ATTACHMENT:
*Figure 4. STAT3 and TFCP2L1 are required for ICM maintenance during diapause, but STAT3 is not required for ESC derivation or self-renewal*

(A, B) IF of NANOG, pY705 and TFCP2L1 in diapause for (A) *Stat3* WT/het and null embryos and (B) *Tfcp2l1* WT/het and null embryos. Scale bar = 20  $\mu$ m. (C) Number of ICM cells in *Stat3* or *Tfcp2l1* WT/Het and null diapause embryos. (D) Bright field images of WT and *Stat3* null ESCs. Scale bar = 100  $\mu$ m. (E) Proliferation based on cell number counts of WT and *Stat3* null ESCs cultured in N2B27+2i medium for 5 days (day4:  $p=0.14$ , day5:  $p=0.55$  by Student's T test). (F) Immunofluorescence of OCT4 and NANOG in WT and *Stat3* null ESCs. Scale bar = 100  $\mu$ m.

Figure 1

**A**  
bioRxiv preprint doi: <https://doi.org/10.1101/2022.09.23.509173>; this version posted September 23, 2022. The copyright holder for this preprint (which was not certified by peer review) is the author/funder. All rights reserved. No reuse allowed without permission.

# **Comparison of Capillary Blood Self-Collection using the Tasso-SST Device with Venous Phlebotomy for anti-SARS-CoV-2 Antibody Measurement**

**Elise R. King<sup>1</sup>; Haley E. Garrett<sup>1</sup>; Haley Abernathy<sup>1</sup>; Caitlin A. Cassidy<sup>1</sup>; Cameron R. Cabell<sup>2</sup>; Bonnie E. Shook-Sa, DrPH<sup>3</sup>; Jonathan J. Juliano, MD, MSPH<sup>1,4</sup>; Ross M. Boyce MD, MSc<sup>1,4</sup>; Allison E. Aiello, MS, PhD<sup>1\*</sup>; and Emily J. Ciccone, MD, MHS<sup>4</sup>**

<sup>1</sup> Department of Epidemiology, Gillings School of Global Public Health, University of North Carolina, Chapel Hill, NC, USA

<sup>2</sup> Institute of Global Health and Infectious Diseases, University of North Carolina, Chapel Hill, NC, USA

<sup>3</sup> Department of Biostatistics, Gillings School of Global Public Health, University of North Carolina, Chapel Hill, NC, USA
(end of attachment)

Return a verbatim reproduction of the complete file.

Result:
*Figure 4. STAT3 and TFCP2L1 are required for ICM maintenance during diapause, but STAT3 is not required for ESC derivation or self-renewal*

(A, B) IF of NANOG, pY705 and TFCP2L1 in diapause for (A) *Stat3* WT/het and null embryos and (B) *Tfcp2l1* WT/het and null embryos. Scale bar = 20  $\mu$ m. (C) Number of ICM cells in *Stat3* or *Tfcp2l1* WT/Het and null diapause embryos. (D) Bright field images of WT and *Stat3* null ESCs. Scale bar = 100  $\mu$ m. (E) Proliferation based on cell number counts of WT and *Stat3* null ESCs cultured in N2B27+2i medium for 5 days (day4:  $p=0.14$ , day5:  $p=0.55$  by Student's T test). (F) Immunofluorescence of OCT4 and NANOG in WT and *Stat3* null ESCs. Scale bar = 100  $\mu$ m.

Figure 1

**A**  
bioRxiv preprint doi: <https://doi.org/10.1101/2022.09.23.509173>; this version posted September 23, 2022. The copyright holder for this preprint (which was not certified by peer review) is the author/funder. All rights reserved. No reuse allowed without permission.

# **Comparison of Capillary Blood Self-Collection using the Tasso-SST Device with Venous Phlebotomy for anti-SARS-CoV-2 Antibody Measurement**

**Elise R. King<sup>1</sup>; Haley E. Garrett<sup>1</sup>; Haley Abernathy<sup>1</sup>; Caitlin A. Cassidy<sup>1</sup>; Cameron R. Cabell<sup>2</sup>; Bonnie E. Shook-Sa, DrPH<sup>3</sup>; Jonathan J. Juliano, MD, MSPH<sup>1,4</sup>; Ross M. Boyce MD, MSc<sup>1,4</sup>; Allison E. Aiello, MS, PhD<sup>1\*</sup>; and Emily J. Ciccone, MD, MHS<sup>4</sup>**

<sup>1</sup> Department of Epidemiology, Gillings School of Global Public Health, University of North Carolina, Chapel Hill, NC, USA

<sup>2</sup> Institute of Global Health and Infectious Diseases, University of North Carolina, Chapel Hill, NC, USA

<sup>3</sup> Department of Biostatistics, Gillings School of Global Public Health, University of North Carolina, Chapel Hill, NC, USA